On August 14th, 2016 we learned about

Social spiders sharing surplus food can trigger starvation

This isn’t the sort of thing I should share with my three-year-old, but sometimes sharing can be a terrible, horrible idea. Despite all the lessons one receives about fairness and generosity, there are cases where equally dividing resources can actually lead to the deaths of everyone involved. Of course, context counts for a lot here, and since nobody in my family is a member of the spider genus Anelosimus, it’s probably safe to keep pushing the kids to share their toys with each other.

Members of Anelosimus eximius usually do quite well living together. Young spiders aren’t compelled to leave home after they’re born, and as a result families of spiders share and build huge communal webs, often becoming home to around 1,000 individuals. This unusual arrangement is probably due to the spiders showing an unusual tolerance for foreign offspring, which has pushed the species from solitary to social. The benefit is that the communal web can catch larger prey, which then provides more nutrition for all the spiders than any could muster on their own. While it may seem like a winning combination, there may be good reason that we have not seen more spiders adopting egalitarian feeding habits.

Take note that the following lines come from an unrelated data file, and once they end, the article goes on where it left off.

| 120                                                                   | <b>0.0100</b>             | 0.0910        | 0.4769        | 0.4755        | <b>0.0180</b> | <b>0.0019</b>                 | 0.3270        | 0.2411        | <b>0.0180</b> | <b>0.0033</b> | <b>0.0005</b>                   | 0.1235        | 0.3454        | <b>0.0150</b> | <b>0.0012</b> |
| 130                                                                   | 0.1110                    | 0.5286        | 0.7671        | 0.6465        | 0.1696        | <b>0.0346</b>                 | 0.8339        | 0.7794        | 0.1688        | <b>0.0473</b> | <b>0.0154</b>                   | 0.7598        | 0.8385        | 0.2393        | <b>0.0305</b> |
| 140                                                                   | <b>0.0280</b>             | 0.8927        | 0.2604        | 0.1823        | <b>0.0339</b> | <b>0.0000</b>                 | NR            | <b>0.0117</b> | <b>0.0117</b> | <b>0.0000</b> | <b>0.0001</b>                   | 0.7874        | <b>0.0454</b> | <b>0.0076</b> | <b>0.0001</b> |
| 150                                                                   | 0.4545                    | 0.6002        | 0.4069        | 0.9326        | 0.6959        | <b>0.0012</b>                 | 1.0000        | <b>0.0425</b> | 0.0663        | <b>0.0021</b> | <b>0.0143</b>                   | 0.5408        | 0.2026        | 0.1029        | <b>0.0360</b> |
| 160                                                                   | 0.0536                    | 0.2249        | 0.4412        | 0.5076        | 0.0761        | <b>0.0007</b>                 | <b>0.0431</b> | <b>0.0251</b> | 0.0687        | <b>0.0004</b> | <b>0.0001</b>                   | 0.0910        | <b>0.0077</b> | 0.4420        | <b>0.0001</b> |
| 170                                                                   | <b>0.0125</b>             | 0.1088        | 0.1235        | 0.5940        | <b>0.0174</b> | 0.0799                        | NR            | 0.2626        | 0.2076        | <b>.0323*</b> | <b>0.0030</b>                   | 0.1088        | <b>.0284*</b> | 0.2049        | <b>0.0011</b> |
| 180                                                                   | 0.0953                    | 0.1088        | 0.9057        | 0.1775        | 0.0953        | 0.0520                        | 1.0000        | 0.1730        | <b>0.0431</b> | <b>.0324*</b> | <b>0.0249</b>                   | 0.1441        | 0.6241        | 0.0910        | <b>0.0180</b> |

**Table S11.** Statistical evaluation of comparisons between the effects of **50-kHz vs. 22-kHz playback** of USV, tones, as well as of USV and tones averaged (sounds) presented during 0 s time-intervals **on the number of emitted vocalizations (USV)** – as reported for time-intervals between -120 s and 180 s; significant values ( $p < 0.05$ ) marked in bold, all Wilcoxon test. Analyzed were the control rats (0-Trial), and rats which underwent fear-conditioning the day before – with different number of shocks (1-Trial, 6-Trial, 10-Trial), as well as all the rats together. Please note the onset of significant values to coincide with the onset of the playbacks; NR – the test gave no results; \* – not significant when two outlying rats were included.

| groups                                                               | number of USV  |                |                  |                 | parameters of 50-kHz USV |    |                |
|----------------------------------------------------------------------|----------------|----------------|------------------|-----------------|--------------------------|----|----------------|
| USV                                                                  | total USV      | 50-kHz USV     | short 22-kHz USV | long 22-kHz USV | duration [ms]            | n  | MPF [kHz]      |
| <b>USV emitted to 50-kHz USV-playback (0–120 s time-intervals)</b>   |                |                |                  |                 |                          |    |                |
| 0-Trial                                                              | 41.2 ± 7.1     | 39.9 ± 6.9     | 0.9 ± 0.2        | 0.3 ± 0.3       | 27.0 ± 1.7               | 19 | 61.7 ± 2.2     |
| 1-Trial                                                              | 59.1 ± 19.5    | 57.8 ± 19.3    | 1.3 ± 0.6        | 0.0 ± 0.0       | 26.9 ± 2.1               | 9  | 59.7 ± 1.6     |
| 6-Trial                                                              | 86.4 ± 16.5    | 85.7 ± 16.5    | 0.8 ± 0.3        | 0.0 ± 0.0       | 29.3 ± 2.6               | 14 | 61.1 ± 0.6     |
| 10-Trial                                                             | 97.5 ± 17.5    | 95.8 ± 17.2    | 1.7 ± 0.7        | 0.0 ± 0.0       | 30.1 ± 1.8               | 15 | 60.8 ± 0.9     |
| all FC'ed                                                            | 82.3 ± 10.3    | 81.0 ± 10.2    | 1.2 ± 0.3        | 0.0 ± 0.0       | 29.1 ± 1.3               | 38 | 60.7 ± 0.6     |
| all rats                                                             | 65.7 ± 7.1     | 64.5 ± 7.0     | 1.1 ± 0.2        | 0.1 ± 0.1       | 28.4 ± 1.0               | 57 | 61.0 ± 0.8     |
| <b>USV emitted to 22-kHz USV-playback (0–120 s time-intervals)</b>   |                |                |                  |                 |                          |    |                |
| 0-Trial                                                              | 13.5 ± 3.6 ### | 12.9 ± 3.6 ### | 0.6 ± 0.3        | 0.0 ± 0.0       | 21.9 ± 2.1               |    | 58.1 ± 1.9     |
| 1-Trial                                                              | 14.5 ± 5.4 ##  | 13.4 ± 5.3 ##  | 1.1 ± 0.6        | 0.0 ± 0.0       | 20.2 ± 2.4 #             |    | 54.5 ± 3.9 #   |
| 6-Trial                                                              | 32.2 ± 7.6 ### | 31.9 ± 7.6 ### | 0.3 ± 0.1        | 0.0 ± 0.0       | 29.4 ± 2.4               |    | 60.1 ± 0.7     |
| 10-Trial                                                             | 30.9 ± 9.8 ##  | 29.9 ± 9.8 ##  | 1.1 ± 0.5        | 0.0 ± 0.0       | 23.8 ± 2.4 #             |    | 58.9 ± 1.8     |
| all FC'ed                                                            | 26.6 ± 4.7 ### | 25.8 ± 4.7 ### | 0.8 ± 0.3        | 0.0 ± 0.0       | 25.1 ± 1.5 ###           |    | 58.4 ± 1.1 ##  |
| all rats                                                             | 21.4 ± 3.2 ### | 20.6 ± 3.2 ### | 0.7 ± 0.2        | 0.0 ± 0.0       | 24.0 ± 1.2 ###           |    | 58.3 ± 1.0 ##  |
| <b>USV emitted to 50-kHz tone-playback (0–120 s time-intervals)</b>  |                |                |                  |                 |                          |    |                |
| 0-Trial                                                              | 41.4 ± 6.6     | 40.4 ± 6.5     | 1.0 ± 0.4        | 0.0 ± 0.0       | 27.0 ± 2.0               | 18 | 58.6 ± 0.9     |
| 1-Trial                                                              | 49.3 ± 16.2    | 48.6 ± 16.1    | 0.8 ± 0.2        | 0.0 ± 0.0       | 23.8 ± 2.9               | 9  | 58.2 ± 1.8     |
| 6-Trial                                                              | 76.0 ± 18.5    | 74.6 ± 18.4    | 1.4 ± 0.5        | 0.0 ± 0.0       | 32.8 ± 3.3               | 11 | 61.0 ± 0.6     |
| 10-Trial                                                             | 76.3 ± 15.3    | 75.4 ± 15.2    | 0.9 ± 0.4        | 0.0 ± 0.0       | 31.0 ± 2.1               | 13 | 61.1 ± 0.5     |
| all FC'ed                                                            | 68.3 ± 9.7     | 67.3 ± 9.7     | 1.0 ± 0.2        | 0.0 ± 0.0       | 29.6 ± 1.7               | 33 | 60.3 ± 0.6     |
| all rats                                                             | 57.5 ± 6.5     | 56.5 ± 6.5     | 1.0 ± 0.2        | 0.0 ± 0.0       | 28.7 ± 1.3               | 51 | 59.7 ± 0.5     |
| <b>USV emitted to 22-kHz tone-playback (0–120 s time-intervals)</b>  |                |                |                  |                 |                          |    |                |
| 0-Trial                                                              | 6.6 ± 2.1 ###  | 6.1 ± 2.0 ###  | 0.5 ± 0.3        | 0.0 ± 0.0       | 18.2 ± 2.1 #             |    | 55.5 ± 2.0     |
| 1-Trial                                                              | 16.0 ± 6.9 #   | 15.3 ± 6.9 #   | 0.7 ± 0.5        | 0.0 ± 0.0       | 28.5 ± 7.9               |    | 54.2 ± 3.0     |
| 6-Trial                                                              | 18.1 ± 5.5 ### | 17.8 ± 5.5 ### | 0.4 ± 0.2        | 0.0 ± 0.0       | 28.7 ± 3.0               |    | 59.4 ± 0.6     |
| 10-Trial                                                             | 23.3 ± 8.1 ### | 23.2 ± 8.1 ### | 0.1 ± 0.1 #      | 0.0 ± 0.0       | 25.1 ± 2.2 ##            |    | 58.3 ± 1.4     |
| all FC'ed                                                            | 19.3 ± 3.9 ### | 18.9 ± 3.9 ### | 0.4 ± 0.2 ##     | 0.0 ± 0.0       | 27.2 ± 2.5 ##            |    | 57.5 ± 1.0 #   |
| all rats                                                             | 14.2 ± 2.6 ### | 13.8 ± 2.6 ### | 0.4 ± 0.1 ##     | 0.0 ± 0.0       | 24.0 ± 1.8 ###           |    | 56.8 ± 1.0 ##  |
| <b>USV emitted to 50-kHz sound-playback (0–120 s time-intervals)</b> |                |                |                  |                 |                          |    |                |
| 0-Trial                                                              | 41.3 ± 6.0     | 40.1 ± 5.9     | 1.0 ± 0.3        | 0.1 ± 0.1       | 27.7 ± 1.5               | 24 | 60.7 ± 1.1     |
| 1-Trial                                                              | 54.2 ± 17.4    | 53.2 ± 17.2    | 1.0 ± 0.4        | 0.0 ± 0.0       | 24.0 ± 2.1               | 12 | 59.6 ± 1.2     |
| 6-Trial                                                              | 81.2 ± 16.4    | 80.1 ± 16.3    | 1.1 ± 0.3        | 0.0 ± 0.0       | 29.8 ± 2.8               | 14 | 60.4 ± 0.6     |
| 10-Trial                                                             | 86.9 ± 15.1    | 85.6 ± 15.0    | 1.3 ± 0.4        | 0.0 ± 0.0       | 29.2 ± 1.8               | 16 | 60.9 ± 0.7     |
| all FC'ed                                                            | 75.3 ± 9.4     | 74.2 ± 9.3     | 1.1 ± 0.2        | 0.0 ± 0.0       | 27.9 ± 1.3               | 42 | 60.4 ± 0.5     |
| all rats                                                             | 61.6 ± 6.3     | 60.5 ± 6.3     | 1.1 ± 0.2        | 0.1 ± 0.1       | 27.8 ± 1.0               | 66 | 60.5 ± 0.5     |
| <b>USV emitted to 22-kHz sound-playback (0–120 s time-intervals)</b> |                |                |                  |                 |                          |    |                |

Feast to famine

The problem with sharing these larger spoils among webmates is that it works well, but not always well enough. The larger cockroaches and grasshoppers captured in the webs of A. eximius are equally divided among all parties, and can fuel population growth quite well as long as its consistent. However, if sufficient food isn’t captured, sharing the available morsels equally means that no spiders in the colony really get enough nutrition to carry on. Every spiders’ equal share may be fair, but it’s not enough to keep any of them alive, and as a result, colonies that were doing well for a while can quickly face collapse if the supply of food doesn’t keep up the growing number of spider offspring.

It’s estimated that 21 percent of A. eximius colonies die out due to generational population growth thanks to these feeding patterns. Capturing larger prey may be a bounty at first, but for a significant number of spiders it can also be a dangerous burden.

Source: Spider sharing isn’t always caring: Colonies die when arachnids overshare food by Lou Bosshart, Scienmag

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